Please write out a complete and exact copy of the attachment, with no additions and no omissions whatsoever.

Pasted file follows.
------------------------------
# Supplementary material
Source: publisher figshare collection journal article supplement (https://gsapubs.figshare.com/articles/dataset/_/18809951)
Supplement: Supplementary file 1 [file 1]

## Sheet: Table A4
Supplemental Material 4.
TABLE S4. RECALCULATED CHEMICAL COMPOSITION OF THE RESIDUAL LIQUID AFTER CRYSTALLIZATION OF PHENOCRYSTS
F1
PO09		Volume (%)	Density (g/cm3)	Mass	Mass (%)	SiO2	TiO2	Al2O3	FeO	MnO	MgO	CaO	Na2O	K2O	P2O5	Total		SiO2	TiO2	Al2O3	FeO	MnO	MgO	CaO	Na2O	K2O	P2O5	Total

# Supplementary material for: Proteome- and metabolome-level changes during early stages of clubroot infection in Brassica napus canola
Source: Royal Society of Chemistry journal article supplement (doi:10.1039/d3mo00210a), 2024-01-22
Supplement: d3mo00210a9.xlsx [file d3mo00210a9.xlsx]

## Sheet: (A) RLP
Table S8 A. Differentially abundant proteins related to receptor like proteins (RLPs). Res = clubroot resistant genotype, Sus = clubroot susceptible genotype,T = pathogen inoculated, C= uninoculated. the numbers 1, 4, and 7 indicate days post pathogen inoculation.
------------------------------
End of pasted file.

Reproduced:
# Supplementary material
Source: publisher figshare collection journal article supplement (https://gsapubs.figshare.com/articles/dataset/_/18809951)
Supplement: Supplementary file 1 [file 1]

## Sheet: Table A4
Supplemental Material 4.
TABLE S4. RECALCULATED CHEMICAL COMPOSITION OF THE RESIDUAL LIQUID AFTER CRYSTALLIZATION OF PHENOCRYSTS
F1
PO09		Volume (%)	Density (g/cm3)	Mass	Mass (%)	SiO2	TiO2	Al2O3	FeO	MnO	MgO	CaO	Na2O	K2O	P2O5	Total		SiO2	TiO2	Al2O3	FeO	MnO	MgO	CaO	Na2O	K2O	P2O5	Total

# Supplementary material for: Proteome- and metabolome-level changes during early stages of clubroot infection in Brassica napus canola
Source: Royal Society of Chemistry journal article supplement (doi:10.1039/d3mo00210a), 2024-01-22
Supplement: d3mo00210a9.xlsx [file d3mo00210a9.xlsx]

## Sheet: (A) RLP
Table S8 A. Differentially abundant proteins related to receptor like proteins (RLPs). Res = clubroot resistant genotype, Sus = clubroot susceptible genotype,T = pathogen inoculated, C= uninoculated. the numbers 1, 4, and 7 indicate days post pathogen inoculation.